Nurse Song Mingming (L) reads a book to his wife Yu Junxia, who is pregnant, at home in Yantai, east China's Shandong Province, May 10, 2016. (Xinhua/File Photo)
Induction of labor in pregnant women appears not to be associated with increased risk of autism in their children, a large study of Swedish children said Monday.
The new finding suggested that concern about autism risk should not factor into clinical decisions about whether or not to induce labor, said the study published online in the U.S. journal JAMA Pediatrics.
Labor induction is recommended when labor doesn't progress on its own and there's concern that waiting for it to start could endanger the health of the baby or mother.
In 2013, a U.S. study suggested a possible association between induction of labor and risk of autism in offspring.
In the new study, Anna Sara Oberg of the Harvard T.H. Chan School of Public Health and colleagues studied over one million live births in Sweden between 1992 and 2005, who they followed until 2013 to look for any neuropsychiatric diagnoses.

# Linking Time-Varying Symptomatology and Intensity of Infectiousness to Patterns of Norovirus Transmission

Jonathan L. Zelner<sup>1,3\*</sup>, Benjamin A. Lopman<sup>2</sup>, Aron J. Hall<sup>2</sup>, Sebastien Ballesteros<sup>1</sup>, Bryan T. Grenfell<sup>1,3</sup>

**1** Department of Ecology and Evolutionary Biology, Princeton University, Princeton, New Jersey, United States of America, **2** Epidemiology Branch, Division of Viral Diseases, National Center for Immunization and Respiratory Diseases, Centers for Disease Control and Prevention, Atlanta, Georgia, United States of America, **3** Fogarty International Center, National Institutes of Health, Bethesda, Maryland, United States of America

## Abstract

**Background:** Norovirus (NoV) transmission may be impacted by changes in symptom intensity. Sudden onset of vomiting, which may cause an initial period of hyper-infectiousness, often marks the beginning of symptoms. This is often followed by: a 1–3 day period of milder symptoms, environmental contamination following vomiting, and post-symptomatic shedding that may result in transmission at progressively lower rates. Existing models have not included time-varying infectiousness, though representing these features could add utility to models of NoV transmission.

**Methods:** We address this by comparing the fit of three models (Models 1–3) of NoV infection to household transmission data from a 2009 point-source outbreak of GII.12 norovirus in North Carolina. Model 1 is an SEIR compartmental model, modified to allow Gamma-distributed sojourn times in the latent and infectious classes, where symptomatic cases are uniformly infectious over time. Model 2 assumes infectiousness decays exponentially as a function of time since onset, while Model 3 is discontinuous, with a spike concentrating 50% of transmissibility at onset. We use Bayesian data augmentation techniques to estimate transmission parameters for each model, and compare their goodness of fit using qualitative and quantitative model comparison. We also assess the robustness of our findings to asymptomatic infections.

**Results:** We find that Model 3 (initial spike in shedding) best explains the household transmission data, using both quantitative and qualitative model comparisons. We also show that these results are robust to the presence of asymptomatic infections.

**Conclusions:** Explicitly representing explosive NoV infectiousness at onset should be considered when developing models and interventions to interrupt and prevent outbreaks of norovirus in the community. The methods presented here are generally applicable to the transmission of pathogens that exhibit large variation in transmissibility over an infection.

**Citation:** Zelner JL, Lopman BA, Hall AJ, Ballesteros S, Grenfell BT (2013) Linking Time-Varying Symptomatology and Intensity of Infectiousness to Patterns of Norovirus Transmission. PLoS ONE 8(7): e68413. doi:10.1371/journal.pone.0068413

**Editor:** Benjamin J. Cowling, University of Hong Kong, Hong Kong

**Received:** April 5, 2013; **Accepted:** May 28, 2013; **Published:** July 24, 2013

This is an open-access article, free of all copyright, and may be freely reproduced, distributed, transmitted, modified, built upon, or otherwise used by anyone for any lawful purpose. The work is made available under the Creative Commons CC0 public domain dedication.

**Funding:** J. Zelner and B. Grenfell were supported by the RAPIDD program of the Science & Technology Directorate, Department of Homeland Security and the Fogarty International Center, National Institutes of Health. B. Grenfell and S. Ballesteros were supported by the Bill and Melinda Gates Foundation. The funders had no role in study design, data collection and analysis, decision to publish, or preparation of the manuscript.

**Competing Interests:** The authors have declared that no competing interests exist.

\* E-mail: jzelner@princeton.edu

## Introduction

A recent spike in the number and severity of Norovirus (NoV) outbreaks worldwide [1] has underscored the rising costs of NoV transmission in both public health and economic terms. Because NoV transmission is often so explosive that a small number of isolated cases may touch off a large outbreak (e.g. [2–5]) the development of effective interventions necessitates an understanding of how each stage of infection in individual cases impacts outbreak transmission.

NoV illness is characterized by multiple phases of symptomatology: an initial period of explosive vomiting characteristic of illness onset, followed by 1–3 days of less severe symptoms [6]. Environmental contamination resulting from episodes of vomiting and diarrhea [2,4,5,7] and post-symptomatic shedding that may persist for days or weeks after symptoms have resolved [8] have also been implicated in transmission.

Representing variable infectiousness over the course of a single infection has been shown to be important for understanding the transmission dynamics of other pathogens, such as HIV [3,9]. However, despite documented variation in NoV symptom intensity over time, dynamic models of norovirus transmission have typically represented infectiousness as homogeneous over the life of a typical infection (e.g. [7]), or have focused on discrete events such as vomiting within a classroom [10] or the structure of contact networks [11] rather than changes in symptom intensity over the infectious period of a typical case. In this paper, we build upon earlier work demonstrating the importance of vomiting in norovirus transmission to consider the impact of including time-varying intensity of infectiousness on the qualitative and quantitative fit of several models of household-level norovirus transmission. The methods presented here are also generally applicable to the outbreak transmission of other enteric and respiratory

Nearly two percent of babies in the study population were diagnosed with autism during the follow-up period, the researchers found.
Overall, 11 percent of the deliveries had involved induction of labor, often due to pregnancy complications such as gestational diabetes, gestational hypertension, and preeclampsia, and 23 percent of the induced pregnancies were post-term.
In their initial comparison of individuals who weren't related to each other, the researchers found an association between labor induction and autism risk, similar to that previously reported.
But when they compared "induction-discordant" siblings born to the same mother -- one was the result of induced labor and the other wasn't, they no longer saw an association.
"Many of the factors that could lead to both induction of labor and autism are completely or partially shared by siblings -- such as maternal characteristics or socioeconomic or genetic factors," Oberg explained.
"Finding no association when comparing siblings suggests that previously observed associations could have been due to some of these familial factors -- not the result of induction."
"Overall, these findings should provide reassurance to women who are about to give birth, that having their labor induced will not increase their child's risk of developing autism spectrum disorders," added senior author Brian Bateman, anesthesiologist and associate professor of anesthesia at Massachusetts General Hospital and Brigham and Women's Hospital, Harvard Medical School.